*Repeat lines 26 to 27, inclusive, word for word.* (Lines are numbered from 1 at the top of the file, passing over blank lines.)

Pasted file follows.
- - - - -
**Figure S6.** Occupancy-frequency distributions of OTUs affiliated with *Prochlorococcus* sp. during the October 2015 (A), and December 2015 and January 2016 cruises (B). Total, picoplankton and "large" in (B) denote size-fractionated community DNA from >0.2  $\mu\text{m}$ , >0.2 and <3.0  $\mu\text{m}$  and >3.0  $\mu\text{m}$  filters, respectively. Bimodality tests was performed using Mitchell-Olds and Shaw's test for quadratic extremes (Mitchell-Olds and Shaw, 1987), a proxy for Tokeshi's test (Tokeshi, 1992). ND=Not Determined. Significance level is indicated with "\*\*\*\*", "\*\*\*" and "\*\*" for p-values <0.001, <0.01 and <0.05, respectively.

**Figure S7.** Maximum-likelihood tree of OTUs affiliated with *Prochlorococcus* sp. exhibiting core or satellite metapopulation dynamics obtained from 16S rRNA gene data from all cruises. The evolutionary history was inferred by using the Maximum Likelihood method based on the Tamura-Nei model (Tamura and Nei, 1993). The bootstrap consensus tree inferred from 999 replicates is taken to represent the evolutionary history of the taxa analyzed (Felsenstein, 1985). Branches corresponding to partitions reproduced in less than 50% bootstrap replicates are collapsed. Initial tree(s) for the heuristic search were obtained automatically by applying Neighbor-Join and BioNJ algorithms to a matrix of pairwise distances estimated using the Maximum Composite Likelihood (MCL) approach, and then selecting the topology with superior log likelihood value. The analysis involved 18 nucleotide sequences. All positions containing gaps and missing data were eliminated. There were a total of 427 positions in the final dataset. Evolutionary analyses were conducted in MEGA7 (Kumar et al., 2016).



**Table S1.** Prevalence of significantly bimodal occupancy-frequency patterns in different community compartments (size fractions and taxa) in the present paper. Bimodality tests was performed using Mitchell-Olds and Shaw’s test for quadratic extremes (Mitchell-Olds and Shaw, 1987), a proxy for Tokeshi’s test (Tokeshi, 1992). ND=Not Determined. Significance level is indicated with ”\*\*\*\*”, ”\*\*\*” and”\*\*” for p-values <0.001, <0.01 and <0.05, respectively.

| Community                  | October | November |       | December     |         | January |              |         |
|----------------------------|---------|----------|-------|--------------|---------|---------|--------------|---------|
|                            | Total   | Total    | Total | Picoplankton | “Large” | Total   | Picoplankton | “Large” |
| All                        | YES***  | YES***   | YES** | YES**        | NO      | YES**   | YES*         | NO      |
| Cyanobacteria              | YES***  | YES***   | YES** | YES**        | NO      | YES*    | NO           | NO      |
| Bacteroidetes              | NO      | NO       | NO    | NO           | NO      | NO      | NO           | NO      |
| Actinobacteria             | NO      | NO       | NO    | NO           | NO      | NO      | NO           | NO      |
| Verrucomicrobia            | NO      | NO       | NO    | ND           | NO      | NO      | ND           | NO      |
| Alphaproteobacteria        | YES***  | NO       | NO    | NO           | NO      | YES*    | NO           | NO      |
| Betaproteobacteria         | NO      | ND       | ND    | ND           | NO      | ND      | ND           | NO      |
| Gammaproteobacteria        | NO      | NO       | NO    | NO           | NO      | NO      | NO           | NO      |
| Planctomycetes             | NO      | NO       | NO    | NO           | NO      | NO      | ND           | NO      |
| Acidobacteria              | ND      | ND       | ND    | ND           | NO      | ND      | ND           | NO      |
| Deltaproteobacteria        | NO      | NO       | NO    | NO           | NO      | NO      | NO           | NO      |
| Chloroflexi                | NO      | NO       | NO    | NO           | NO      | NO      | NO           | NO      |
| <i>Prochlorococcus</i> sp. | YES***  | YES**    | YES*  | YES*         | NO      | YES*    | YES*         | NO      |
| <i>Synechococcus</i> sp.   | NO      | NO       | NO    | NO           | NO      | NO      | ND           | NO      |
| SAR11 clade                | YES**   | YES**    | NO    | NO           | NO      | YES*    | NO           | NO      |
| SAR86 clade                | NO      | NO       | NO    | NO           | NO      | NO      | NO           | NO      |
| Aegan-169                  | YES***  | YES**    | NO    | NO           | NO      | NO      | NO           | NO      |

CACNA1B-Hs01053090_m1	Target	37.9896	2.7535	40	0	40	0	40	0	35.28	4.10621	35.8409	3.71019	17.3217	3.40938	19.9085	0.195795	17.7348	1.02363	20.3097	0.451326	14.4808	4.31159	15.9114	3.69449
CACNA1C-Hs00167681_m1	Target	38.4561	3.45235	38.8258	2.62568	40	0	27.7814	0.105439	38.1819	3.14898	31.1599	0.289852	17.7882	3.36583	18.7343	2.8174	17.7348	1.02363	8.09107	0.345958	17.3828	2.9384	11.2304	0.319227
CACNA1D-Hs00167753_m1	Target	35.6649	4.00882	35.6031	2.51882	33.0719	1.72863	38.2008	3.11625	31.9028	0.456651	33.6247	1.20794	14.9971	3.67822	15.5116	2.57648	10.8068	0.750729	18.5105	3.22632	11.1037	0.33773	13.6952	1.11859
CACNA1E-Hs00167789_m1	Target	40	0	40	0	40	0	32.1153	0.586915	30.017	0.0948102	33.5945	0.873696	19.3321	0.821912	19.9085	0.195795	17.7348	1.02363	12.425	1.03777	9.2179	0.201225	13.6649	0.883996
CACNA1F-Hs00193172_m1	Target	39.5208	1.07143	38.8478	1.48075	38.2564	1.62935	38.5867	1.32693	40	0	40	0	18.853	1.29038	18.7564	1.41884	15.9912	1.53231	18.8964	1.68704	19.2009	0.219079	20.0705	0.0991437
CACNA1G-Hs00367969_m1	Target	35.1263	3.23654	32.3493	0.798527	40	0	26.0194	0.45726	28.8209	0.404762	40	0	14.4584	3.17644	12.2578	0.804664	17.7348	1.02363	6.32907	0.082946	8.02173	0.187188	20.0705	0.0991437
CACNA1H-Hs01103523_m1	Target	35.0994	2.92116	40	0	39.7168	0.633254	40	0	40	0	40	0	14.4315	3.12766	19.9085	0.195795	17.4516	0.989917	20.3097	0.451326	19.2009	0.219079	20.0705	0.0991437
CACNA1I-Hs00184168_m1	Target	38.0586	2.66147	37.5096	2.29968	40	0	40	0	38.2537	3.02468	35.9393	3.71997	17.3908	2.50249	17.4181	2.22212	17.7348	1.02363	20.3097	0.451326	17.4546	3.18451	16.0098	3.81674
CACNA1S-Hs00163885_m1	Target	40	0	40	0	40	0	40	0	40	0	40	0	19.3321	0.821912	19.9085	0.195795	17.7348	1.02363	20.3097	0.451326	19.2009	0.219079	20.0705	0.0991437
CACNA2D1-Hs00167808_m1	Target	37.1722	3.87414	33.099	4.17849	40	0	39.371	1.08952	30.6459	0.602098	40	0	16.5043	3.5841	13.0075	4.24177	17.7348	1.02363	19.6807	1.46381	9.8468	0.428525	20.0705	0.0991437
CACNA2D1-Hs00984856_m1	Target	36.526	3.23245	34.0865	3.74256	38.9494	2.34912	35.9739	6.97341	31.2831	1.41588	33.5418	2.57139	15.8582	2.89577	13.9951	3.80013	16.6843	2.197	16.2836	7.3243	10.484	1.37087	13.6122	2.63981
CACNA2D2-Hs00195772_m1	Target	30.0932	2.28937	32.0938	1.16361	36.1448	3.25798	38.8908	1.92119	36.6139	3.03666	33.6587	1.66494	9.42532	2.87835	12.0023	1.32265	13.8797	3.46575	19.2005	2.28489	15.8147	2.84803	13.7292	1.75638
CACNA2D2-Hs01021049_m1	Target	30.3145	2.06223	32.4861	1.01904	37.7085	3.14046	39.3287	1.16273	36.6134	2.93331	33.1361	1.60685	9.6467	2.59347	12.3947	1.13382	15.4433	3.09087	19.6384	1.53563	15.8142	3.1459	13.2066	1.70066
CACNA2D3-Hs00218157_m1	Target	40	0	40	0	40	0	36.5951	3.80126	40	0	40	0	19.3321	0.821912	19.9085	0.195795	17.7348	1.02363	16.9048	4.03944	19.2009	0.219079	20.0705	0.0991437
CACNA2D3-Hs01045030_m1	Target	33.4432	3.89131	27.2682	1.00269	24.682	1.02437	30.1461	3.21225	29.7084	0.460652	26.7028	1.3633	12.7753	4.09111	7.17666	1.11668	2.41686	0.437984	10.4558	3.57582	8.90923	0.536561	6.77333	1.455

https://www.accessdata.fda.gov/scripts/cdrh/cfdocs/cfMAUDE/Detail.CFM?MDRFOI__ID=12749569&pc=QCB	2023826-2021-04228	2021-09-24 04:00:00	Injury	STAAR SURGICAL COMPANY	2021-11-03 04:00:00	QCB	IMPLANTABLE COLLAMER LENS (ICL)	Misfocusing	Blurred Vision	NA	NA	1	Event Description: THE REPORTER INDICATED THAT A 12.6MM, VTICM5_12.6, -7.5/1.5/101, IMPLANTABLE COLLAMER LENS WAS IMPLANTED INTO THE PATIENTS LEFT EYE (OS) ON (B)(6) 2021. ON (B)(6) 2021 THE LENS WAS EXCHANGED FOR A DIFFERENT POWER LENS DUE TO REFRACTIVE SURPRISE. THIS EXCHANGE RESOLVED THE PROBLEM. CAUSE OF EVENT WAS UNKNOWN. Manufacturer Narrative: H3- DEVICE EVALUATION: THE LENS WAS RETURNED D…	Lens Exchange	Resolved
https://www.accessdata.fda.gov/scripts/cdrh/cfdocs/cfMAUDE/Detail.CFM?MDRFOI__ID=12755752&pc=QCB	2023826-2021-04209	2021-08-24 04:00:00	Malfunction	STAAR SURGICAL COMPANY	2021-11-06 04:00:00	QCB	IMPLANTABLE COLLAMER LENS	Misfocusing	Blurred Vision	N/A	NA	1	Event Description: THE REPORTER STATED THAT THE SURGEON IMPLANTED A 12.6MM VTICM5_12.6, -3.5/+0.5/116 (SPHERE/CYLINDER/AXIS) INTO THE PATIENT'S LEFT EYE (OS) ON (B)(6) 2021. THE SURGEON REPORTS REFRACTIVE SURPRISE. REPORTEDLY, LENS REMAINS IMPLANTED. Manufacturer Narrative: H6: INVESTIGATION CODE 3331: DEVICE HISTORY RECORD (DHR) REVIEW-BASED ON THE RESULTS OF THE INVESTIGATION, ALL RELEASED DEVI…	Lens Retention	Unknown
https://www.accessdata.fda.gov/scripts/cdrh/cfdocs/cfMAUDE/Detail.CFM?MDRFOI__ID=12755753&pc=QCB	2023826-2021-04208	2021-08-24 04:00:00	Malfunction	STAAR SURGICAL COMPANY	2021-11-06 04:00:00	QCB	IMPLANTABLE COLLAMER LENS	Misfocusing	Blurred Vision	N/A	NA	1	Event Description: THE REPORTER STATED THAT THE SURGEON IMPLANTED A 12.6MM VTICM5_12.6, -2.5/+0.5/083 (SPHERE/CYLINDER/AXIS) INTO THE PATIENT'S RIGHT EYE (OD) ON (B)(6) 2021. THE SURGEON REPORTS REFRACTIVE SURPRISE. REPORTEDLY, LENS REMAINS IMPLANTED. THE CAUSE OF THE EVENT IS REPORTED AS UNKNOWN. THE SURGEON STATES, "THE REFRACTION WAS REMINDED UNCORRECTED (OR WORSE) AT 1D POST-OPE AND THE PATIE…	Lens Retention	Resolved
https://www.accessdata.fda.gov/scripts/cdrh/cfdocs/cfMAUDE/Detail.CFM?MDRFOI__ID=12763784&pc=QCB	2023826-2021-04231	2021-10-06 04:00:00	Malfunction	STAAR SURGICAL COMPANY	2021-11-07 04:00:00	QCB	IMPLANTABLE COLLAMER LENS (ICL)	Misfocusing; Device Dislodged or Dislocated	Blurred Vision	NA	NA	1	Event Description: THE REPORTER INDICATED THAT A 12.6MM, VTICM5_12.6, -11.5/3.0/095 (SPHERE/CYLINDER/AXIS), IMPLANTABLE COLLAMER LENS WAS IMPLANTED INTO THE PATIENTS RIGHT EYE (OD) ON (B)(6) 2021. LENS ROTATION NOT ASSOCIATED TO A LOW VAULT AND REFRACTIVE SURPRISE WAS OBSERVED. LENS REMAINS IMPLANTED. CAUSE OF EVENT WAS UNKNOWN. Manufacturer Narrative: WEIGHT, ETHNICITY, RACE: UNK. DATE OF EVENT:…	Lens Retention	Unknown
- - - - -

CACNA1D-Hs00167753_m1	Target	35.6649	4.00882	35.6031	2.51882	33.0719	1.72863	38.2008	3.11625	31.9028	0.456651	33.6247	1.20794	14.9971	3.67822	15.5116	2.57648	10.8068	0.750729	18.5105	3.22632	11.1037	0.33773	13.6952	1.11859
CACNA1E-Hs00167789_m1	Target	40	0	40	0	40	0	32.1153	0.586915	30.017	0.0948102	33.5945	0.873696	19.3321	0.821912	19.9085	0.195795	17.7348	1.02363	12.425	1.03777	9.2179	0.201225	13.6649	0.883996